How a famous French chef helped me fight impostor syndrome.

French chef Jacques Pépin is a living legend.

He's an OG culinary genius, known the world over for his prowess in the kitchen, expert hand, and encyclopedic knowledge of all things French cuisine and technique.


Pépin flips crepes with (from right) Michelle Obama, Kelly Ripa, and Al Roker like it's nothing. Photo by Roger L. Wollenberg-Pool/Getty Images.

On a recent episode of "PBS NewsHour," Pépin shared his thoughts on recipes and how (in few words) he thinks they're kind of BS.

(OK, it sounded much more articulate and French than that.)

Pépin told a story about crafting a recipe for pears with caramel sauce. He made the dessert three different ways, and it turned out OK each time.

GIF via "PBS NewsHour."

For Pépin, this was proof that recipes are not the be-all end-all; they're just a place to begin — a Point A for a Point B yet to be determined. He said:

"So, what is the point of a recipe? A recipe is a teaching tool, a guide, a point of departure. ... But as you make [the dish] again and again, you will change it, you will massage it to fit your own taste, your own sense of aesthetic."

You hear that? You get to make the recipe, the technique, and the method work for you.

Yep, just like that.

But this idea doesn't just apply to cooking. Turns out that it's much, much bigger.

Pépin probably didn't intend to illuminate a beautiful truth about life in a four-minute segment about pears with caramel sauce. But he did.

Walk with me.

Each of us, through our parents, tradition, school, or cultural and societal expectations are handed a recipe for life. Here in the States, the recipe might look something like this:

Go to school. Don't make trouble. Find a job. Meet a life partner. Marry them. Raise a kid or two. Complain about Mondays. Retire. Have a quiet life. Die peacefully.

But, like Pépin suggests, every recipe leaves room to improvise and get creative.

You can follow the recipe to the letter or use it as a jumping-off point, but either way, the methods, techniques, and ingredients are up to you.

It may be scary. It may be challenging. But the adventure is all yours.

GIF via "The Simpsons."

Thinking about my own experiences in this frame made me better equipped to fight my own case of imposter syndrome.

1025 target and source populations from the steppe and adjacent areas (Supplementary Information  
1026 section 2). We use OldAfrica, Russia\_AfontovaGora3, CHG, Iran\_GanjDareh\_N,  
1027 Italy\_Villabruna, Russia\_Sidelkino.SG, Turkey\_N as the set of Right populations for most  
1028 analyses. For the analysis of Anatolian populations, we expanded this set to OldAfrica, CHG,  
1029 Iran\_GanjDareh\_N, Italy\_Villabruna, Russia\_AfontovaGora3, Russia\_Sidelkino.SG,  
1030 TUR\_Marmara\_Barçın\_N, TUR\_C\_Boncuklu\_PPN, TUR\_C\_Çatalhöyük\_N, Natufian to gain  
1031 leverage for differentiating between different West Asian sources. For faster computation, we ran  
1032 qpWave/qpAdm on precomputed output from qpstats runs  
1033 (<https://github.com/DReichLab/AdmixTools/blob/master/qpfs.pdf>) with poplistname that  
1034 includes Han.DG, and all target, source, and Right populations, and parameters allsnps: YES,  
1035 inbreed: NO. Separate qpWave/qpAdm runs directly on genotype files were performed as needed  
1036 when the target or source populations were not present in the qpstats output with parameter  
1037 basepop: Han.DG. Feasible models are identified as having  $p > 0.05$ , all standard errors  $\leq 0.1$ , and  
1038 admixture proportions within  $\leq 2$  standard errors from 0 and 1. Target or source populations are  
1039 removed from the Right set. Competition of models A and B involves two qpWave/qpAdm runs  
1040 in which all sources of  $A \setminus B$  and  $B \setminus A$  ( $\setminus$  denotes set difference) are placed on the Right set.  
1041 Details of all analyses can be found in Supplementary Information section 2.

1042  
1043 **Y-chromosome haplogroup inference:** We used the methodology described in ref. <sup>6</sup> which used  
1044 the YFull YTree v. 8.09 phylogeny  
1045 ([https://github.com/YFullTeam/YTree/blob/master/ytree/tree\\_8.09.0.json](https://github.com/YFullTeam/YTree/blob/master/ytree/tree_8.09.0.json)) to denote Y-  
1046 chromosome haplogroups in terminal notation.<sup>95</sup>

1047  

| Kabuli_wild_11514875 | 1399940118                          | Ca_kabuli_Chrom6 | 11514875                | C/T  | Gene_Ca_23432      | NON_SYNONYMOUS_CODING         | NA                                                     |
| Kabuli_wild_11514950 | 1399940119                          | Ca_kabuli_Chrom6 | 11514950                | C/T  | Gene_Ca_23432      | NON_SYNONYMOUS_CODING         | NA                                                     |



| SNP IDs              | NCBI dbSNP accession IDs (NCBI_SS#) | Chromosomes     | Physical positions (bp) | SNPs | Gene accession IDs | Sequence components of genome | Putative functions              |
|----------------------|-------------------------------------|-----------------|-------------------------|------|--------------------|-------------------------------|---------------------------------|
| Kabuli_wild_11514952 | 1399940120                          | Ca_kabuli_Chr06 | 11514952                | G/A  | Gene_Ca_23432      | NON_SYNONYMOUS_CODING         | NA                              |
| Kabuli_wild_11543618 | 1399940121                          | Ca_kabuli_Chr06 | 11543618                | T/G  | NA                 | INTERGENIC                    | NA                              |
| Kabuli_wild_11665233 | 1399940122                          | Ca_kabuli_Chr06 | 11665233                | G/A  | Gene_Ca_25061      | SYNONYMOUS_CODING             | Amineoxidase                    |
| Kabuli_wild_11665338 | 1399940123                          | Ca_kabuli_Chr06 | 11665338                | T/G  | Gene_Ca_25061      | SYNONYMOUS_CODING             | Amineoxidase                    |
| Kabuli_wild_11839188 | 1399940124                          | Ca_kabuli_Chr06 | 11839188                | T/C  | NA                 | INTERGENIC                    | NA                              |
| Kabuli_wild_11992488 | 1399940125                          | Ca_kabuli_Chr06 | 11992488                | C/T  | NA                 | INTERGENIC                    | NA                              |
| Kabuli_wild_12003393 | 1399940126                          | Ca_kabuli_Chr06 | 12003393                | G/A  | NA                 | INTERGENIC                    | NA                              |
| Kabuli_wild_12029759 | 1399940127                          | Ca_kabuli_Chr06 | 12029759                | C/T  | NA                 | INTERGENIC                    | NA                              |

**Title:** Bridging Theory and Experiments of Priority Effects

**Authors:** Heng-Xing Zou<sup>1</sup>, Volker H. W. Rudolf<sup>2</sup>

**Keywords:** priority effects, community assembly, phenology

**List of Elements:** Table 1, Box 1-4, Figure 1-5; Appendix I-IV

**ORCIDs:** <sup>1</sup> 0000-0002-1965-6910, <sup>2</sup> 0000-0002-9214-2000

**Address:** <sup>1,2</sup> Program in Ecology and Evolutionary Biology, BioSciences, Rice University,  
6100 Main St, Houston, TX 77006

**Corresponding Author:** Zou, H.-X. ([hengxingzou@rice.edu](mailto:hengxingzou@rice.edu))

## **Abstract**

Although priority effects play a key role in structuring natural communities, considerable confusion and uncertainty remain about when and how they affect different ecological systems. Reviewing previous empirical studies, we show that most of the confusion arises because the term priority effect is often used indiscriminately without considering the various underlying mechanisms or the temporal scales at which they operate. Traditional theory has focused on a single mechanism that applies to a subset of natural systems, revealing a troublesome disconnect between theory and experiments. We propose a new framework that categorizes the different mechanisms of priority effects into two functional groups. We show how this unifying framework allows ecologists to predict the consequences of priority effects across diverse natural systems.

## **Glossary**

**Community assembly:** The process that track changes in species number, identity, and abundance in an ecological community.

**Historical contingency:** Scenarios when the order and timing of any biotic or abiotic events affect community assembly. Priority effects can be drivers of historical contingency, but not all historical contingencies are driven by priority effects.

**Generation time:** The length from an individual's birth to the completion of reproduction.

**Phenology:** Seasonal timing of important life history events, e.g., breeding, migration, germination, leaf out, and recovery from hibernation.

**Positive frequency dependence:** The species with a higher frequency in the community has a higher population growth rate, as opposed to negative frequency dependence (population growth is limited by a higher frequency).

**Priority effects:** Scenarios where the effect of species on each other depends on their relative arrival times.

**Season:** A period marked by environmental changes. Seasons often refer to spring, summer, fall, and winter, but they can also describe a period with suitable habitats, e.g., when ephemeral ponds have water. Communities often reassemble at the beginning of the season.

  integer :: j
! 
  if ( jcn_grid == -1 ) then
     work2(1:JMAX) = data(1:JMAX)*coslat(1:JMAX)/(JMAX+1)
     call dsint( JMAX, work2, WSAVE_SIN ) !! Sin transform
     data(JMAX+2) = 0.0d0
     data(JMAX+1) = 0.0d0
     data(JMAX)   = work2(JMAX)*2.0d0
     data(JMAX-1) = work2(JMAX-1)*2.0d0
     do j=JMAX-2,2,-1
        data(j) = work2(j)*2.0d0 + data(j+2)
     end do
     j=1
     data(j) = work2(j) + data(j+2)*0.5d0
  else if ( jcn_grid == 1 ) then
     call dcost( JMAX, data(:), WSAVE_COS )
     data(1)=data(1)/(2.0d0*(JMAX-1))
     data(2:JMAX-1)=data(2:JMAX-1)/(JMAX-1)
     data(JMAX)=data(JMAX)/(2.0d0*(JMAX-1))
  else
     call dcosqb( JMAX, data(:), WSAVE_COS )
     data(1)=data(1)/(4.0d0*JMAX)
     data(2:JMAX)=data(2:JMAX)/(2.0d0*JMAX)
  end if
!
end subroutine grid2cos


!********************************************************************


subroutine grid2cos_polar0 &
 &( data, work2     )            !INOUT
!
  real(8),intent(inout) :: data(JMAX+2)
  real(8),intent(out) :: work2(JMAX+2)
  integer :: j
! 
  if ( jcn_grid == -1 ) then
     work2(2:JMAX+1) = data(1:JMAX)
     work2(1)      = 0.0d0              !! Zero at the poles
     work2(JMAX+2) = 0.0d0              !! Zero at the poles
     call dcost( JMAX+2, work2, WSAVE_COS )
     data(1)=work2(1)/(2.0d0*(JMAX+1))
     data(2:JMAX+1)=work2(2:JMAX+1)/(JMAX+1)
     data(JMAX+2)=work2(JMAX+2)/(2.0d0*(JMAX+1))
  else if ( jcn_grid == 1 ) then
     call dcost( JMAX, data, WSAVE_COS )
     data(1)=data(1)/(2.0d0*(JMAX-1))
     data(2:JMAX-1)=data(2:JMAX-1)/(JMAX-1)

Imposter syndrome is that nagging feeling that you're not as talented or as smart as you seem to others. Despite some levels of achievement or success, you always live in fear of being exposed as a fraud.

If you've felt a similar feeling, you're not alone. Even Maya Angelou (yeah, that Maya Angelou) dealt with it. She said, "I have written 11 books, but each time I think, 'Uh oh, they’re going to find out now.'"

You earned every bit of praise, Dr. Angelou!

Thanks to social media, I get to see my peers hit every prescribed adult milestone in living color. Every beautiful wedding, island vacation, new home, new car, and chubby baby along the way. I've always been happy for them (they're my friends after all), but a little part of me always felt like I was two steps behind.

But with this new frame, I'm reminded that when it comes to "adulting," we're all just experimenting in the kitchen. We're using the methods that work best for our circumstances to create something beautiful — a life well lived. It doesn't matter how we get there or when, only that we do.

I am not a phony. I'm just doing the best I can. We all are.

So next time you're in the kitchen (or at your high school reunion), remember that perfectly executing a recipe is not necessarily the definition of success.

Whether it's poached pears or a Ph.D., you decide what comes next. Recipes and roadmaps can only take you so far.

It's up to you to shake things up, get creative, and have some adventures along the way.

Another French chef who knows a thing about adventures. GIF via "Ratatouille."

Hungry for more? Watch Chef Pépin's video essay from "PBS NewsHour."

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